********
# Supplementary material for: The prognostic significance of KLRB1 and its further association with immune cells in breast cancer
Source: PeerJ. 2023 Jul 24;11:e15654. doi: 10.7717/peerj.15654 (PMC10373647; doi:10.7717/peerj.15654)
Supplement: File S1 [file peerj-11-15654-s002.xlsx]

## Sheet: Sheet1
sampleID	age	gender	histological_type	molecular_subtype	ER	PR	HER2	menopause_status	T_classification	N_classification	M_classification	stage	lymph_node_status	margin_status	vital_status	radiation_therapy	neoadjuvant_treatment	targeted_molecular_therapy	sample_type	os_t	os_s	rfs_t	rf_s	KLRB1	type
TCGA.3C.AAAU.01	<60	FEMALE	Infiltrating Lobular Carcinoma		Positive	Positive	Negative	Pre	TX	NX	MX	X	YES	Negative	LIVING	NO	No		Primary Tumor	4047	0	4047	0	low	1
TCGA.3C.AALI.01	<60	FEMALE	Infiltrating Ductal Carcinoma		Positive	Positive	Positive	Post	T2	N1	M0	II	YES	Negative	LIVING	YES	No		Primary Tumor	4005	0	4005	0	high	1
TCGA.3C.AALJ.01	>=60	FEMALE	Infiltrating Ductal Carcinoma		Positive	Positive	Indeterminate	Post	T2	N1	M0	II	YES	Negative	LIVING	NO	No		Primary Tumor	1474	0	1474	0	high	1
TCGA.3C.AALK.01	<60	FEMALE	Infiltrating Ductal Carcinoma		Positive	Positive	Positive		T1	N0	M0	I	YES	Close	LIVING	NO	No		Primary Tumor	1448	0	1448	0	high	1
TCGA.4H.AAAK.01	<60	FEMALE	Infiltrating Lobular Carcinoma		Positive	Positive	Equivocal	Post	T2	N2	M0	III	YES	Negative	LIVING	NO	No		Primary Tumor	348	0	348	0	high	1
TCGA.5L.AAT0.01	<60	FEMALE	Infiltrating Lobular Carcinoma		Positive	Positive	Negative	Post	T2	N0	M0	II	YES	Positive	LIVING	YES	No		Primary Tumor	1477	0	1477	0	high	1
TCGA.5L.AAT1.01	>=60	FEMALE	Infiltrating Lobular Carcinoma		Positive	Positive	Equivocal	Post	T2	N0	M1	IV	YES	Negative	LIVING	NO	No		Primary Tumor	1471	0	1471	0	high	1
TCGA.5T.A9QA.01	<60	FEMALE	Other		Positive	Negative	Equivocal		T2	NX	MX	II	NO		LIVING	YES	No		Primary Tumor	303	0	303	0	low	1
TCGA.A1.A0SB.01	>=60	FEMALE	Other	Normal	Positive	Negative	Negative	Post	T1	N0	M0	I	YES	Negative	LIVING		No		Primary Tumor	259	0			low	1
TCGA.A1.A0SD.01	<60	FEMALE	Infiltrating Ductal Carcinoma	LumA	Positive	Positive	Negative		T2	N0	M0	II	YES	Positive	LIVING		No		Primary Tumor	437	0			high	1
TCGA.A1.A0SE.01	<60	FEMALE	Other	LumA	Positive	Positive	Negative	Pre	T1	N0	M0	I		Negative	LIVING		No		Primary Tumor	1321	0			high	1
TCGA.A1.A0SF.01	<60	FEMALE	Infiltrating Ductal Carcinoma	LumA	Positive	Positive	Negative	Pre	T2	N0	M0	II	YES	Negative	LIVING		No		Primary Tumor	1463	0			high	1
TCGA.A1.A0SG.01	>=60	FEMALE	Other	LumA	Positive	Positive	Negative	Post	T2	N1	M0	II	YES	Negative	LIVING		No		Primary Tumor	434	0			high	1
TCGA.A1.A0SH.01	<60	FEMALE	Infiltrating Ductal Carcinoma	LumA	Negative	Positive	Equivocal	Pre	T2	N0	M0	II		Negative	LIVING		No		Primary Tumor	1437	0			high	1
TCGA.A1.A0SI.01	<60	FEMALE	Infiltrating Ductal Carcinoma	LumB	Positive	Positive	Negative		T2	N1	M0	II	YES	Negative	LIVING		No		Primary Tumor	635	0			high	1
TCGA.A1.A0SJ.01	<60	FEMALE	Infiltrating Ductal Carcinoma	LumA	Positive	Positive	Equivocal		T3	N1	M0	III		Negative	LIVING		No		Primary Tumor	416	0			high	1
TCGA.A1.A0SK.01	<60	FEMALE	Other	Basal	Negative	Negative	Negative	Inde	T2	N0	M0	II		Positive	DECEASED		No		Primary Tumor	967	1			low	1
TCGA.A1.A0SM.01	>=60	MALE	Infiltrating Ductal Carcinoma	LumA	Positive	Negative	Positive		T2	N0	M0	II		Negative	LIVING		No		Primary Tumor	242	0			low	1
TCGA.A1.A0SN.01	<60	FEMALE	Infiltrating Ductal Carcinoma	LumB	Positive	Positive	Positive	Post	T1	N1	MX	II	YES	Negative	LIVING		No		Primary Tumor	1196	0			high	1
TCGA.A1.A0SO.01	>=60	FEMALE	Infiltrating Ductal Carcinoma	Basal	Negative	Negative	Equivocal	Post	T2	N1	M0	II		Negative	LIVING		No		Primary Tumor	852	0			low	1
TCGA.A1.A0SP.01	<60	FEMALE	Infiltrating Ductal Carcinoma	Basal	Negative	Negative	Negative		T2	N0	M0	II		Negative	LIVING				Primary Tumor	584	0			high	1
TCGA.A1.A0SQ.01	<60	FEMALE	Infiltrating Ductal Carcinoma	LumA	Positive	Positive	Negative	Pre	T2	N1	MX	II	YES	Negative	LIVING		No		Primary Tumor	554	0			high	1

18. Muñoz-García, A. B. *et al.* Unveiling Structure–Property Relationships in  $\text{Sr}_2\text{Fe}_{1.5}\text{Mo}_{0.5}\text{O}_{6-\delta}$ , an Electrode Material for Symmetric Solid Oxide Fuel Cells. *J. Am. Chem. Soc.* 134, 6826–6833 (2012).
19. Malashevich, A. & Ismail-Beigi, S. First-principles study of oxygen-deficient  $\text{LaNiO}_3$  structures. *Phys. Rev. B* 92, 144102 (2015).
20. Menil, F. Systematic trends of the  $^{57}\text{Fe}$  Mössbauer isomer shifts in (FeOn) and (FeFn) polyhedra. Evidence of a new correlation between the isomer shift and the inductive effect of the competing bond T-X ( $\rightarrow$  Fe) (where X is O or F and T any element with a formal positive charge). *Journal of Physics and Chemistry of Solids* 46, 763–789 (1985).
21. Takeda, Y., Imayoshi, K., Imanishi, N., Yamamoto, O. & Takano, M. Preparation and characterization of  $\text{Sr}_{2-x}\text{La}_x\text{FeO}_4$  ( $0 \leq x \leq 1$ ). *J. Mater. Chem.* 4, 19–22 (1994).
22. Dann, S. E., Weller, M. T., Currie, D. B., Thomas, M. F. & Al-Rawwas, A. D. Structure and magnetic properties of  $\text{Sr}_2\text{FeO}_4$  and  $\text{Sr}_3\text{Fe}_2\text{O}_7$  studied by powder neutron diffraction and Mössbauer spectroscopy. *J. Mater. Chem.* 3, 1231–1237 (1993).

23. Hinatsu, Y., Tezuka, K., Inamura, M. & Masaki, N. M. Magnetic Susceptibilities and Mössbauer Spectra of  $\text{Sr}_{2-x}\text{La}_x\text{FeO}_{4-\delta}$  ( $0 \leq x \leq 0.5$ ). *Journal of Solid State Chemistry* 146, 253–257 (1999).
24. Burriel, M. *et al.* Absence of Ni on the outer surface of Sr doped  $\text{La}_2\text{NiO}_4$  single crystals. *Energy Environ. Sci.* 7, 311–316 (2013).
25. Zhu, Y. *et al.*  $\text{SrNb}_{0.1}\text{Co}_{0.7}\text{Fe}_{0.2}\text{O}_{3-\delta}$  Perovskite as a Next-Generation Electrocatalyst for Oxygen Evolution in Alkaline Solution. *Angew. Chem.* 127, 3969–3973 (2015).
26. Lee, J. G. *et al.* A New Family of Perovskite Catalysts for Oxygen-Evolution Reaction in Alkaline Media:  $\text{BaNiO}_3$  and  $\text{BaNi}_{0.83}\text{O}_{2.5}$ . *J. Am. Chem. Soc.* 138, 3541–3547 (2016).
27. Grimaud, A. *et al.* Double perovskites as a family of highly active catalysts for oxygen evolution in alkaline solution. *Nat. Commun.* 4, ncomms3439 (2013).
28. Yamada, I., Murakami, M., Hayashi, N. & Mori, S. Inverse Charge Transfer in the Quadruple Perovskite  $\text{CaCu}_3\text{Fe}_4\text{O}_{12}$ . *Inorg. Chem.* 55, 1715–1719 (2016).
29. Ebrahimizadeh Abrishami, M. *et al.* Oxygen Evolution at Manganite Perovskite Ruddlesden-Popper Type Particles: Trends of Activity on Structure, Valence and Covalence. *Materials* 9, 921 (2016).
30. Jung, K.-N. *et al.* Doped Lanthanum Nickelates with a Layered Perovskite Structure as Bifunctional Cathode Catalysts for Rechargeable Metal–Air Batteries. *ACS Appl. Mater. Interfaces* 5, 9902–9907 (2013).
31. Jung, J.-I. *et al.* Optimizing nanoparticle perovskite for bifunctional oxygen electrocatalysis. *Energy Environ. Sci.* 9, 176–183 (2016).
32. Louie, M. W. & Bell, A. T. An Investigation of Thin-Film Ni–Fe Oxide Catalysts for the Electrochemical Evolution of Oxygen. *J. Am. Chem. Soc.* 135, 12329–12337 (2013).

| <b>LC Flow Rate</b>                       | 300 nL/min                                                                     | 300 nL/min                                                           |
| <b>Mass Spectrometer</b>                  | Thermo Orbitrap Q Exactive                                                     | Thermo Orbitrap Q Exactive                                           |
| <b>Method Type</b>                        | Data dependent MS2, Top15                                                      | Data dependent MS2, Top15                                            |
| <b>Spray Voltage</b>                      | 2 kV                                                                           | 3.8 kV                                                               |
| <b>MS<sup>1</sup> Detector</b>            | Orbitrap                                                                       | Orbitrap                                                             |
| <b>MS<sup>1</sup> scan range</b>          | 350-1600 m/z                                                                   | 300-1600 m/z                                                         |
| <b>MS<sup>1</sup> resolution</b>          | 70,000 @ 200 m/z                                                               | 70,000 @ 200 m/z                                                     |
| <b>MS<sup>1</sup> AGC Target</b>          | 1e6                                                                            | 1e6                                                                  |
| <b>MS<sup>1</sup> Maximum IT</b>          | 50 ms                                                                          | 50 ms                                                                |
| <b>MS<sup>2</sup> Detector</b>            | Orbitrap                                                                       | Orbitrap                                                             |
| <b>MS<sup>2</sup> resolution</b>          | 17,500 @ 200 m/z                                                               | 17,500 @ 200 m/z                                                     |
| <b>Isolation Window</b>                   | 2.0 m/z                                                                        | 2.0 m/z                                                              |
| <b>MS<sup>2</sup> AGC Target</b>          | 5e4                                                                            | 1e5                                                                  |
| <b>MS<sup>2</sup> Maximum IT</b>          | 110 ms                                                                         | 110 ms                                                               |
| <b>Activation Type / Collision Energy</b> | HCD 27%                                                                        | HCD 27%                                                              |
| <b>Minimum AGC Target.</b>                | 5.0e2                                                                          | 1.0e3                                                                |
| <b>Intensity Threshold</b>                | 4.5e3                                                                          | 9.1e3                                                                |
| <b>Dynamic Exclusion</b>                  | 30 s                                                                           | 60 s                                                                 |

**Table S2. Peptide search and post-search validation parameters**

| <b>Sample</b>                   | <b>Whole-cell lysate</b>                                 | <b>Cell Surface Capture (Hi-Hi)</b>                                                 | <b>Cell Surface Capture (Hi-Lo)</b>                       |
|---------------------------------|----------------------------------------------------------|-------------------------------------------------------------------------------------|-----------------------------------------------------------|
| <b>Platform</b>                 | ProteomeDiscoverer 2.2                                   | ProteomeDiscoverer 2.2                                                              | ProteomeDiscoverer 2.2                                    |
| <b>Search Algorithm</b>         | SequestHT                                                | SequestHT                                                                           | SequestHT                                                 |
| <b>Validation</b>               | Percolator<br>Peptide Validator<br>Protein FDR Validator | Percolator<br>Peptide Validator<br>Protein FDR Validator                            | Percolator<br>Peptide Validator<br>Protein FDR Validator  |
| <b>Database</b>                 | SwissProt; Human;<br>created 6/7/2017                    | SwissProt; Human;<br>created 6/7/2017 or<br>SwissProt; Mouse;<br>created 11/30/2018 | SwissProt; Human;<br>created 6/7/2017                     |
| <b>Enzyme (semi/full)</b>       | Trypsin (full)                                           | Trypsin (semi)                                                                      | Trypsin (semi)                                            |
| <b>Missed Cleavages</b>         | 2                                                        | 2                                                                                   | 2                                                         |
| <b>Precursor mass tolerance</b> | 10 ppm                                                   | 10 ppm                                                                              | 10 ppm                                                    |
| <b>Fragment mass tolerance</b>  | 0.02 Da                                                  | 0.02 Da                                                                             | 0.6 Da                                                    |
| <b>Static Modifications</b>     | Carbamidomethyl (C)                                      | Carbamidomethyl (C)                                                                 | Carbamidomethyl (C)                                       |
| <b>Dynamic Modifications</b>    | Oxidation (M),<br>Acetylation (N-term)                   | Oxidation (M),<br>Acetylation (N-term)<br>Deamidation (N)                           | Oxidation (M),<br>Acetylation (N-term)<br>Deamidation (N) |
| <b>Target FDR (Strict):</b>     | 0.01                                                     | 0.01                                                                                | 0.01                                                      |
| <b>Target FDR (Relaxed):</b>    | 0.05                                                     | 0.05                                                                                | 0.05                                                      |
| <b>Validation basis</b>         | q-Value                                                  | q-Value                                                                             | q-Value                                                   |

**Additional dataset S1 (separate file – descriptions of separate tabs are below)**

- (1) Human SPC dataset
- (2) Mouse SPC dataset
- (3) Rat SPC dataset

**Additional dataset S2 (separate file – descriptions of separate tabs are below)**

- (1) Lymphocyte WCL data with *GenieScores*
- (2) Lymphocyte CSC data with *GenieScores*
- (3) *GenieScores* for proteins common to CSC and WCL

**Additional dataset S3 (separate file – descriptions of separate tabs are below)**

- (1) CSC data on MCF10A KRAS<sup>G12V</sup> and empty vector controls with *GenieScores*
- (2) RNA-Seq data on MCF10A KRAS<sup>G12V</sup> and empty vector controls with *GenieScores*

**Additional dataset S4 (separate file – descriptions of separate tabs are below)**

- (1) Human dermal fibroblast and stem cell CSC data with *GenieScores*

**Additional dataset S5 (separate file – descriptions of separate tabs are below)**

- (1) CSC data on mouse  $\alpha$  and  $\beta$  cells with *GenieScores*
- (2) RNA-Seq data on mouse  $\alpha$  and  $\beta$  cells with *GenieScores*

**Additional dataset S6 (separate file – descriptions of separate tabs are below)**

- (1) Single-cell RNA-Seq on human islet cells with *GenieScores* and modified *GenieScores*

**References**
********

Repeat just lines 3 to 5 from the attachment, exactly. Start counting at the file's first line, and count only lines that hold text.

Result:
Supplement: File S1 [file peerj-11-15654-s002.xlsx]

## Sheet: Sheet1
sampleID	age	gender	histological_type	molecular_subtype	ER	PR	HER2	menopause_status	T_classification	N_classification	M_classification	stage	lymph_node_status	margin_status	vital_status	radiation_therapy	neoadjuvant_treatment	targeted_molecular_therapy	sample_type	os_t	os_s	rfs_t	rf_s	KLRB1	type